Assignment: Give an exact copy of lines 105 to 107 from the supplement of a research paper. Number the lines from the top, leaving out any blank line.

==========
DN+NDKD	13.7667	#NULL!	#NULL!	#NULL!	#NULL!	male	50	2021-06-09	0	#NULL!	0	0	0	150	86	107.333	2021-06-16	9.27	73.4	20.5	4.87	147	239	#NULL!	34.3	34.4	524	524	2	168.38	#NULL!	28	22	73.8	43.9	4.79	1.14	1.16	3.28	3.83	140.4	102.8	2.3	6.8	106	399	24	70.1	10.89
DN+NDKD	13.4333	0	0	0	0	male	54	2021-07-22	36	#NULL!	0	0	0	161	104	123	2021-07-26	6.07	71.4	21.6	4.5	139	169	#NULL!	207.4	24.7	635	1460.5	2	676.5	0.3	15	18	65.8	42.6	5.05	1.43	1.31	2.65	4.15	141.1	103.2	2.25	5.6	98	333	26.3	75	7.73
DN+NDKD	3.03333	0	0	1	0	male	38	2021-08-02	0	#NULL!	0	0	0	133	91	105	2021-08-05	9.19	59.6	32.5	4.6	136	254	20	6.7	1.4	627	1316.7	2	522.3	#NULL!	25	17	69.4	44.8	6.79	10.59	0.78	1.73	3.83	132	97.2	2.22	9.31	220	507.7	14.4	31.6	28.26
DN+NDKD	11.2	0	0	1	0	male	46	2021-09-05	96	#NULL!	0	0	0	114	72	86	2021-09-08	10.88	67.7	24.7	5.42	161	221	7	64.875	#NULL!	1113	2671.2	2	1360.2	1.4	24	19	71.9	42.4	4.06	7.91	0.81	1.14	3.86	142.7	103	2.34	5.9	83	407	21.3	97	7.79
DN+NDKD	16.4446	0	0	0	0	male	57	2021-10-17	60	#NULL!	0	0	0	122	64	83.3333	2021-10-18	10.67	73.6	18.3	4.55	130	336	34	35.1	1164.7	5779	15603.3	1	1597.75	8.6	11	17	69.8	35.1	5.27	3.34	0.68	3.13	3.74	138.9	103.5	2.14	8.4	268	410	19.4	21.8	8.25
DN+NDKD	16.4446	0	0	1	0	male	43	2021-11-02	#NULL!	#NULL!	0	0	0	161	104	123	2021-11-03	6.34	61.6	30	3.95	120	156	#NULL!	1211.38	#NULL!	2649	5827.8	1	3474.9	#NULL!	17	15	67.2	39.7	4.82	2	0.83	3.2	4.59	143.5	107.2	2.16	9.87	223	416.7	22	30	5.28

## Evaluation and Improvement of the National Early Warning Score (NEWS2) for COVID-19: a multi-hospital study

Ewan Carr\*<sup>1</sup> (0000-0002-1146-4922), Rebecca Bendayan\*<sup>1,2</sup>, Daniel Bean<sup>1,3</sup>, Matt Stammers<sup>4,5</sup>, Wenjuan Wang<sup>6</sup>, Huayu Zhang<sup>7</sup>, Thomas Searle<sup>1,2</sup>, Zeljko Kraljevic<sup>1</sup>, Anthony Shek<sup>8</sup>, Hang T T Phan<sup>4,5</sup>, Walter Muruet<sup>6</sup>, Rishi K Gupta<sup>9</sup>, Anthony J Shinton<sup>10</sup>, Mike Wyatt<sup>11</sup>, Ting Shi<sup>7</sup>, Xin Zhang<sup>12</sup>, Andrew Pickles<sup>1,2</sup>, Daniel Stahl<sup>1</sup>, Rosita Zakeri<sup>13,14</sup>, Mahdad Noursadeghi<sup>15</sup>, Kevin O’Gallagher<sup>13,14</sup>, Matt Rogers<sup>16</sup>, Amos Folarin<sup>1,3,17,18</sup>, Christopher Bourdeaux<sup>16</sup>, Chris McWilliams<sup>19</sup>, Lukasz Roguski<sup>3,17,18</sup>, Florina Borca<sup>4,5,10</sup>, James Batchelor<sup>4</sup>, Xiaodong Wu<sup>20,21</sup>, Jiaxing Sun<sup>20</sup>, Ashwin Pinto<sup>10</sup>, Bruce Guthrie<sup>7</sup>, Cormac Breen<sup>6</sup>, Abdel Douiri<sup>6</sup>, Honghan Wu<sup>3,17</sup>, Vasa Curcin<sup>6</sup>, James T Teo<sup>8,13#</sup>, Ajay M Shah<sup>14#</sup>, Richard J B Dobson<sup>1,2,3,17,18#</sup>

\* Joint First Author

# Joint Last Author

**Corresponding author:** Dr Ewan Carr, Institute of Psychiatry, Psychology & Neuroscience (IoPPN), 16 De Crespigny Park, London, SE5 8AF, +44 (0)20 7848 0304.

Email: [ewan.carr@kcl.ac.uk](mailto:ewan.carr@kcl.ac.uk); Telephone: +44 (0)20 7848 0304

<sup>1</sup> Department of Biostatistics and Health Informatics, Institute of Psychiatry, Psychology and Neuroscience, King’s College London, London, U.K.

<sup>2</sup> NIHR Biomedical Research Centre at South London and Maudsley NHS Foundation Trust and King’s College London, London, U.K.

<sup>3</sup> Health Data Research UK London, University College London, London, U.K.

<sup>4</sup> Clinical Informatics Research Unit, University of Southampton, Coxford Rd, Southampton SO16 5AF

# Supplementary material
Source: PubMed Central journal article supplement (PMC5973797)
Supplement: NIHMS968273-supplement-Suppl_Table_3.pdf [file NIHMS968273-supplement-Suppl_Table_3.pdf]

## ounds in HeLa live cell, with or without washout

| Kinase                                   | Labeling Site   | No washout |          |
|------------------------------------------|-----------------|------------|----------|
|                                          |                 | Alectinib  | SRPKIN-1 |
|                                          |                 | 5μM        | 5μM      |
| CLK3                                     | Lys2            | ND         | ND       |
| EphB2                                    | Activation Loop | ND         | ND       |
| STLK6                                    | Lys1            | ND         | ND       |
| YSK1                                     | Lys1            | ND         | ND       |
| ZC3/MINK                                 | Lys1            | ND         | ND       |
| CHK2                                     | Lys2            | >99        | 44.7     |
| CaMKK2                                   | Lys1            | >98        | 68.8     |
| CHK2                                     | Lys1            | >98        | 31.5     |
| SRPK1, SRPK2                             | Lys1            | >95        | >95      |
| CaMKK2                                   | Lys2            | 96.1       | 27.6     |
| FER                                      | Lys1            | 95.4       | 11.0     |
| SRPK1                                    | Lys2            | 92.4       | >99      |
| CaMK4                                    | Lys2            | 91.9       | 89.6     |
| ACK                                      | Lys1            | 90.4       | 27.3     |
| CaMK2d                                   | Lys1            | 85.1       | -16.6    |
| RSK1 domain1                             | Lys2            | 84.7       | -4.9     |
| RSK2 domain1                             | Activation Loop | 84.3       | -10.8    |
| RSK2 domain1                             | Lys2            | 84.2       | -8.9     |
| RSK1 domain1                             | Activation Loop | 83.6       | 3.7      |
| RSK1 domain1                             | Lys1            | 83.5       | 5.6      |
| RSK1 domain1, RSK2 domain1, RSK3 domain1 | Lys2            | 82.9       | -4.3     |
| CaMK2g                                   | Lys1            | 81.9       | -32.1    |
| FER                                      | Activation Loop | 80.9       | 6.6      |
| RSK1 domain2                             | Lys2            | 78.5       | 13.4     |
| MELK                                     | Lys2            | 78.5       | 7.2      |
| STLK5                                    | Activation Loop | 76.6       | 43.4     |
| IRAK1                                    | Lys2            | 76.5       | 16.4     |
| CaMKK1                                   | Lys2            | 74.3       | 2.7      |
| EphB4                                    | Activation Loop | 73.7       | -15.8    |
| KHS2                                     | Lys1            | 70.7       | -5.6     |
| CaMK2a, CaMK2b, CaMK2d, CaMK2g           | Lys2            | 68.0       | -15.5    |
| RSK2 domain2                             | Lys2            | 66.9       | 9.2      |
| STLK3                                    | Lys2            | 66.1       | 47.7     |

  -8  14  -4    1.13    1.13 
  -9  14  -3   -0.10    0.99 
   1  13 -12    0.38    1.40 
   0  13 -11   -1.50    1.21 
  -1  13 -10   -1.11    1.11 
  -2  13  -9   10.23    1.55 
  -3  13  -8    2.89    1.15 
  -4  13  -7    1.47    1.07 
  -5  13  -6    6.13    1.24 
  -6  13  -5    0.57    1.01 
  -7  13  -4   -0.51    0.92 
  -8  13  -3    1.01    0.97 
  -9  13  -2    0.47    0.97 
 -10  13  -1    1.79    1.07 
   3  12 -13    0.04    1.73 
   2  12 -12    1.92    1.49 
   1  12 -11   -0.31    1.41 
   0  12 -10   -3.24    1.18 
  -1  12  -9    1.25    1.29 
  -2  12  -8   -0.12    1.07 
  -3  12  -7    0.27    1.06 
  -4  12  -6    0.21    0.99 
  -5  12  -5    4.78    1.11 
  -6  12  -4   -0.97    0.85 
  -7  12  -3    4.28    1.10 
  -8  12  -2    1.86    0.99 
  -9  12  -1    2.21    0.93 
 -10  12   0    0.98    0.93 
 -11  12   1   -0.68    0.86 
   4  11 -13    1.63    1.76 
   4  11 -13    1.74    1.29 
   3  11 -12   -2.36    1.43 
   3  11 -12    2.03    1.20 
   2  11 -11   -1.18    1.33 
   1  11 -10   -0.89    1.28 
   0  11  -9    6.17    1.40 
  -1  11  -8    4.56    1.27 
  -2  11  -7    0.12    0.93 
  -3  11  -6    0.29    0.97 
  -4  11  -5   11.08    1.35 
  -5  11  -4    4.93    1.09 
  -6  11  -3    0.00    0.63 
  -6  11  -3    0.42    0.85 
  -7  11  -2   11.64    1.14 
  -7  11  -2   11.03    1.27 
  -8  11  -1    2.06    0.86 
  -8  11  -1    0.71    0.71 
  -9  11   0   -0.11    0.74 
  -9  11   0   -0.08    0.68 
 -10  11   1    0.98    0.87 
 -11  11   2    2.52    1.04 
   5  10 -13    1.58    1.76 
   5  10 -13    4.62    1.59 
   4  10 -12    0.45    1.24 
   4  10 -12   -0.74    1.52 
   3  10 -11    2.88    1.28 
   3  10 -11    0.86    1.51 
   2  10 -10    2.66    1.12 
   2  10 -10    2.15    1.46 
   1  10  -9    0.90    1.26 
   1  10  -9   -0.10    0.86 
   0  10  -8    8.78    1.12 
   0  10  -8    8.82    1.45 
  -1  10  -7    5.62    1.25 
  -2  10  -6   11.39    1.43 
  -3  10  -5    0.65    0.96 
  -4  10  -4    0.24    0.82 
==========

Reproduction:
  -9  11   0   -0.11    0.74 
  -9  11   0   -0.08    0.68 
 -10  11   1    0.98    0.87 